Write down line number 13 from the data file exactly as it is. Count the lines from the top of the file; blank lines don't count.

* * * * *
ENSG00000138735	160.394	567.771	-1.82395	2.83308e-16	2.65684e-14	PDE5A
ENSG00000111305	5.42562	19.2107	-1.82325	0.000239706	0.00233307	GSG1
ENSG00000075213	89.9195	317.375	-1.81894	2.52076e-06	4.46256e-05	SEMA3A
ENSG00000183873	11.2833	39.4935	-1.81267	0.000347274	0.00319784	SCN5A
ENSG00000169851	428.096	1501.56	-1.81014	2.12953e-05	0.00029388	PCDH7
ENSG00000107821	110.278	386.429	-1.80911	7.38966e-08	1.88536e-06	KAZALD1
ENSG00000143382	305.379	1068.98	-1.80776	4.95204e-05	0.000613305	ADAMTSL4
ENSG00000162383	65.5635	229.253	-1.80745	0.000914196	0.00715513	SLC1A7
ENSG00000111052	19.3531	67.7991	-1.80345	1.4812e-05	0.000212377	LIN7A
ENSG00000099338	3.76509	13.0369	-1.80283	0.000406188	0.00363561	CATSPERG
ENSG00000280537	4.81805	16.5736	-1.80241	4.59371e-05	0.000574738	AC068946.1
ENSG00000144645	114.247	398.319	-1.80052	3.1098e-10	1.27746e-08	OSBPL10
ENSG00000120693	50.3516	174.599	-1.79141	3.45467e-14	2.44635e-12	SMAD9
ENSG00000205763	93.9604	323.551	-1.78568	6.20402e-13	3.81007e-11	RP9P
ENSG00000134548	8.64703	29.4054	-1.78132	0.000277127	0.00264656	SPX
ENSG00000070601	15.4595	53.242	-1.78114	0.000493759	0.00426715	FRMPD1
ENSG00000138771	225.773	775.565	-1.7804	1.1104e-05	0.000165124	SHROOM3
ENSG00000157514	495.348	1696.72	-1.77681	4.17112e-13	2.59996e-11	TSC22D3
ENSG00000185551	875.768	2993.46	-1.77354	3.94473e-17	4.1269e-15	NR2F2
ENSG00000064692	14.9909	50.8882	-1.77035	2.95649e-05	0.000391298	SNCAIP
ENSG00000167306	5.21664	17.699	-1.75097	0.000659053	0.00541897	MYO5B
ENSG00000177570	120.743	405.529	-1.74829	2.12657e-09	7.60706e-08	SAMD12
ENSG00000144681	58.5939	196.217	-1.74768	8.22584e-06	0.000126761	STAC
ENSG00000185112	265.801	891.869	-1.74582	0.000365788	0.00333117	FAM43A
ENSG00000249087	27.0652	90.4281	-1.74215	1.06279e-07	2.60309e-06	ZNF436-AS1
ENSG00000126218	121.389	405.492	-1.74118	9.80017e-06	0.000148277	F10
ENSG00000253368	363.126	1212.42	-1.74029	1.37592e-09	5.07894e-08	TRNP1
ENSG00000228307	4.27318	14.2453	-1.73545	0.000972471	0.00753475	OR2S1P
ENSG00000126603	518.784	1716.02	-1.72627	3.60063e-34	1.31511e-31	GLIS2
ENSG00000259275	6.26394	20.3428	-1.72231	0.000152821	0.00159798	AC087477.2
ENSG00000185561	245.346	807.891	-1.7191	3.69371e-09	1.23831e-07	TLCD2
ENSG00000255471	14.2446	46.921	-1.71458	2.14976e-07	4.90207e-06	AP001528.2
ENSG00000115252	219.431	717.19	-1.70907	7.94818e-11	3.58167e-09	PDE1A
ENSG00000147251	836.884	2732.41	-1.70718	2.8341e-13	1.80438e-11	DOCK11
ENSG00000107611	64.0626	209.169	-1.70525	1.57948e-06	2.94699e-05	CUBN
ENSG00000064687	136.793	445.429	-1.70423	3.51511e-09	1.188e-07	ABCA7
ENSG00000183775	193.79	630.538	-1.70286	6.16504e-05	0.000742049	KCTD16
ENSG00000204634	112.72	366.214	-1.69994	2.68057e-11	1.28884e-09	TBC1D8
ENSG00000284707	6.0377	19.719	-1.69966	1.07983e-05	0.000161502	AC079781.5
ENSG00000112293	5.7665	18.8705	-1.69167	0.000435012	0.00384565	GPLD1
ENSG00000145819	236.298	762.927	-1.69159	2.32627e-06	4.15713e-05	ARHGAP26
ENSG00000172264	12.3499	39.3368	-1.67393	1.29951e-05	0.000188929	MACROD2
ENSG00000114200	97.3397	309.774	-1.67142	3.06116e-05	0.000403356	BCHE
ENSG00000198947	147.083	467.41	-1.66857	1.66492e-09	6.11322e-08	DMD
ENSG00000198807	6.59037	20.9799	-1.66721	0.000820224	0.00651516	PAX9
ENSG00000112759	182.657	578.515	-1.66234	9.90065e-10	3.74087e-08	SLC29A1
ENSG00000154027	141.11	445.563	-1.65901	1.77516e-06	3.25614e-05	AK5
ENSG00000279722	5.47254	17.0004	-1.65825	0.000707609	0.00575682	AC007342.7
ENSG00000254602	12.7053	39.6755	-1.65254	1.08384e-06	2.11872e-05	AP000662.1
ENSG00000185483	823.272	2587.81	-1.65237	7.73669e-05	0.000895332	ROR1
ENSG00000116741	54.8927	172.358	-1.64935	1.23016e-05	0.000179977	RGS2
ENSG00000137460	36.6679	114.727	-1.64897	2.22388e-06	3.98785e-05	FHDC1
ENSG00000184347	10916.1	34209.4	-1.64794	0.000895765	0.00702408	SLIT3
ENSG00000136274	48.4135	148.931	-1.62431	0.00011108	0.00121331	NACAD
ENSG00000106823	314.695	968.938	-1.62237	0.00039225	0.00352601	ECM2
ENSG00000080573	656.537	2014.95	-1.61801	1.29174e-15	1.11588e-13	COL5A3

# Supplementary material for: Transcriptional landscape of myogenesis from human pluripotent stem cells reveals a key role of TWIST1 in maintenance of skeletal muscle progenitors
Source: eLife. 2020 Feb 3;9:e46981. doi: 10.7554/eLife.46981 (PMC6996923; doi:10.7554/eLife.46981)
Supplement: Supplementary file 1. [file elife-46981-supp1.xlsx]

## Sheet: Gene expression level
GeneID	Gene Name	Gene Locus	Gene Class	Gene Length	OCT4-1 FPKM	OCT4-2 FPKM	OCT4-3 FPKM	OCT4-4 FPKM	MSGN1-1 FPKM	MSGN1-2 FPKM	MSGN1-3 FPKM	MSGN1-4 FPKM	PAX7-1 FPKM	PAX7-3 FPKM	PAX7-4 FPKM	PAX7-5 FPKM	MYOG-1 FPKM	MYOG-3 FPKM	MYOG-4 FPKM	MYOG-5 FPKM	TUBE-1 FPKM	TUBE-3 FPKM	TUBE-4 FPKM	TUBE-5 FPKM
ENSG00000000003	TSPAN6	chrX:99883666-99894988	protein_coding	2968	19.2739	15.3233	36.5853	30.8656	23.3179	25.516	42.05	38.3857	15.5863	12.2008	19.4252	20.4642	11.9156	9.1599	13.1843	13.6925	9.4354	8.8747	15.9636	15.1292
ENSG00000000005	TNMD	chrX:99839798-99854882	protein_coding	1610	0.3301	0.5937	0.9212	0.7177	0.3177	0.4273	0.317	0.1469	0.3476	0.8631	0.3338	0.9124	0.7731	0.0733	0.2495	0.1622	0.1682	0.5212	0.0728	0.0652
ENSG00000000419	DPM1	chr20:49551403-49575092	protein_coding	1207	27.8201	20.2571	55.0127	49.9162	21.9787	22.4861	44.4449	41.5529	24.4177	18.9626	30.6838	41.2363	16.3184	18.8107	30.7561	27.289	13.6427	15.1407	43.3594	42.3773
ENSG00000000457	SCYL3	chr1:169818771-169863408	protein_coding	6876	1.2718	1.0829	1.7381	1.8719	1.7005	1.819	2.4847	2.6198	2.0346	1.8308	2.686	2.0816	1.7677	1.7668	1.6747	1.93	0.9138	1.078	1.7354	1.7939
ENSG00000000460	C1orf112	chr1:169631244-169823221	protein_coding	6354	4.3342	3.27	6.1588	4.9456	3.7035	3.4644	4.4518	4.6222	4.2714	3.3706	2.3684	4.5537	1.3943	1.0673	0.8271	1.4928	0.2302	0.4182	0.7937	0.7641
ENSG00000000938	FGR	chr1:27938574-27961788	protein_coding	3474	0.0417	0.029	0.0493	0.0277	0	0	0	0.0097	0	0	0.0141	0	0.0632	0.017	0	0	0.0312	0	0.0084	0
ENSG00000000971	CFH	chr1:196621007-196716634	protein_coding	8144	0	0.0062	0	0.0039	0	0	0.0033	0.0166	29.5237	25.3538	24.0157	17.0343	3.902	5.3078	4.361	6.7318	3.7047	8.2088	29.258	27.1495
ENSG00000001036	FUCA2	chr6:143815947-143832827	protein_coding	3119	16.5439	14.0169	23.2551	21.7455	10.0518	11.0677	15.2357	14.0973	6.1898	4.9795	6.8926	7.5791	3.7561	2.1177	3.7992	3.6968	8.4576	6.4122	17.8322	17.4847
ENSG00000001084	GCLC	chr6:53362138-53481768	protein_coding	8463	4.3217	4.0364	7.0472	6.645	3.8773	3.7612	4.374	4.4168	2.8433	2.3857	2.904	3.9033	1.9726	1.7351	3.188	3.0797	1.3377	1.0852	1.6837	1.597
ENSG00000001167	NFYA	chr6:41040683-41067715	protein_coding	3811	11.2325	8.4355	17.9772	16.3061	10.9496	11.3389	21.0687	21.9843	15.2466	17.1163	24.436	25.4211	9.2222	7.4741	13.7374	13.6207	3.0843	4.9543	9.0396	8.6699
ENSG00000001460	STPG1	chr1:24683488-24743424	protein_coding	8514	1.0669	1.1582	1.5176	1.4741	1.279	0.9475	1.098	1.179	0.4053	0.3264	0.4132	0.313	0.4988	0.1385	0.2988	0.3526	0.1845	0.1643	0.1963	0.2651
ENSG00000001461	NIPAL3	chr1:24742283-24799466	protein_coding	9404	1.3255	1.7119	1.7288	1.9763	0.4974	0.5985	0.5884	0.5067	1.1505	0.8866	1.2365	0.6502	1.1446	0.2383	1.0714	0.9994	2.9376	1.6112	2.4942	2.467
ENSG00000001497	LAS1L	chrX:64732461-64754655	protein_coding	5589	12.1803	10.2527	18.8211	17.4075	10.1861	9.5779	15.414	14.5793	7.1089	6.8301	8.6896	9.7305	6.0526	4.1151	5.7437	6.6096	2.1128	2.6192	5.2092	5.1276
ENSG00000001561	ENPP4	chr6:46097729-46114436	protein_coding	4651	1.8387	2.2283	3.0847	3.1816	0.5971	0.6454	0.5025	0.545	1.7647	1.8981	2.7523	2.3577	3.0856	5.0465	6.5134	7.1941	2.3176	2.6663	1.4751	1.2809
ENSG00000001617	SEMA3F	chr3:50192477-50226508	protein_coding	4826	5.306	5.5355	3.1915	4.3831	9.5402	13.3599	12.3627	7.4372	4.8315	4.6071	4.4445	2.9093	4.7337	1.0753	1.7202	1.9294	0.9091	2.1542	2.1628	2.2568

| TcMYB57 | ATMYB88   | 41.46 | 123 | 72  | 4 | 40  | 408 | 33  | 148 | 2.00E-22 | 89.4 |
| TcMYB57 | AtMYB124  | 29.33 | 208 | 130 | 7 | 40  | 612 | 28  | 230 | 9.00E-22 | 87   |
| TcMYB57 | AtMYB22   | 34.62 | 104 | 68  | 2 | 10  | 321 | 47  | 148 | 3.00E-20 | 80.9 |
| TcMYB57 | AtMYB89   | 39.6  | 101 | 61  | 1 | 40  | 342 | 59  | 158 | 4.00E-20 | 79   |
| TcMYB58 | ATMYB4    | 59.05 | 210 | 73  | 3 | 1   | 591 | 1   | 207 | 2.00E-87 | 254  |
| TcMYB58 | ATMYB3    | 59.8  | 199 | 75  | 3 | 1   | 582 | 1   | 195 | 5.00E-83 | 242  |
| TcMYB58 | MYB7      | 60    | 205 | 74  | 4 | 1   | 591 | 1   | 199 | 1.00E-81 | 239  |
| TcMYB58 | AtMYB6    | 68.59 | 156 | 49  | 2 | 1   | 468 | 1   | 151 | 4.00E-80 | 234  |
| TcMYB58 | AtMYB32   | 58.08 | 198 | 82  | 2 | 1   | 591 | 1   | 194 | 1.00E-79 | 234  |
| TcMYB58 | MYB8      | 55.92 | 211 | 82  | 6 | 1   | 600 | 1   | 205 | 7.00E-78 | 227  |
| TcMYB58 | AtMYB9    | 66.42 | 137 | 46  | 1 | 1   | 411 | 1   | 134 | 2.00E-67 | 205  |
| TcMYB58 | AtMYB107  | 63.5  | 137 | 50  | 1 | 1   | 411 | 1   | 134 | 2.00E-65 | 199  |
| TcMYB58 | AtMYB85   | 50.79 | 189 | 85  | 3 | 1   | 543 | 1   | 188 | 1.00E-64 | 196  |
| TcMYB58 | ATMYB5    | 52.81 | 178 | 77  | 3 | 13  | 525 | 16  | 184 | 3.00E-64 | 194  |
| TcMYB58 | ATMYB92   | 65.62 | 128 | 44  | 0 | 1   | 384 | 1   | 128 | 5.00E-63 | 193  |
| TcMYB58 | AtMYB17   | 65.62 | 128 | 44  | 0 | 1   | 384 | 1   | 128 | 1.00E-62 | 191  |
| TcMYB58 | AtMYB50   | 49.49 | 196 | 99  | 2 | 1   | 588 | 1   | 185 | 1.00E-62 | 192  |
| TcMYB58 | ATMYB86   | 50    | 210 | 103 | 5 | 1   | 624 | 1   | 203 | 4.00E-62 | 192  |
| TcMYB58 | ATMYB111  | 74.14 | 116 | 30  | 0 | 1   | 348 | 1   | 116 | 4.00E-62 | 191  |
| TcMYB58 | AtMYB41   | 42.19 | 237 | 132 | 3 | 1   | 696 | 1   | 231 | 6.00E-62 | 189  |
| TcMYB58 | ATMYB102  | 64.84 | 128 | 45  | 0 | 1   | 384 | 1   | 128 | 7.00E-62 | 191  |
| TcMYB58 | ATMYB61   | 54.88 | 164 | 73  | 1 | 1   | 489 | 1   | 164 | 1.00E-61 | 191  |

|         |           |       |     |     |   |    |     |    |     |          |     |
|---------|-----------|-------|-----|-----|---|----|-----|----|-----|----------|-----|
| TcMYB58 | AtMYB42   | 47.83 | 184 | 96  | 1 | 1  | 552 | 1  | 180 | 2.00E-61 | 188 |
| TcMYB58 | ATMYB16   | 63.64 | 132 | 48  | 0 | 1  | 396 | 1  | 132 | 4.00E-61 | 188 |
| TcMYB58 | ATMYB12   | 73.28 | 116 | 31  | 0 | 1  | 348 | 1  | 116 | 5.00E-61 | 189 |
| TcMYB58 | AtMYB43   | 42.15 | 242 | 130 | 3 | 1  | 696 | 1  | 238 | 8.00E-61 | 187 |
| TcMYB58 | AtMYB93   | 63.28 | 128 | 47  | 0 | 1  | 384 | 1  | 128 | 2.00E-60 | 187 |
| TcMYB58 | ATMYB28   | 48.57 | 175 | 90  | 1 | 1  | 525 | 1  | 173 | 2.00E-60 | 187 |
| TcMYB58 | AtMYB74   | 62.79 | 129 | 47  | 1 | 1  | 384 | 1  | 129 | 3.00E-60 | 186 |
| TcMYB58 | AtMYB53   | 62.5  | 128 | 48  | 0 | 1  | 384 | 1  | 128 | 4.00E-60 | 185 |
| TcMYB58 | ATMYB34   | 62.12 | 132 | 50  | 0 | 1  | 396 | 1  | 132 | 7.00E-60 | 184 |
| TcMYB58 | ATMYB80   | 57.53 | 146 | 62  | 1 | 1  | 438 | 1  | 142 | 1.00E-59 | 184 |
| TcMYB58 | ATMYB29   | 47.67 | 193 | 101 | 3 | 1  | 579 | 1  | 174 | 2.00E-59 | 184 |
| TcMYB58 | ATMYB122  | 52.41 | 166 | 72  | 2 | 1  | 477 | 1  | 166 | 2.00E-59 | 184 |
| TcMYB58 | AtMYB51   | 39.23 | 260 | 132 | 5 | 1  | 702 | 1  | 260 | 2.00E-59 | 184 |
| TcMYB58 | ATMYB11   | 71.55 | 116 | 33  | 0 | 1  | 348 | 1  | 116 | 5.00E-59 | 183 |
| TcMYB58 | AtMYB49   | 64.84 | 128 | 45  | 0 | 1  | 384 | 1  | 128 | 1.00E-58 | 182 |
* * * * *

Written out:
ENSG00000120693	50.3516	174.599	-1.79141	3.45467e-14	2.44635e-12	SMAD9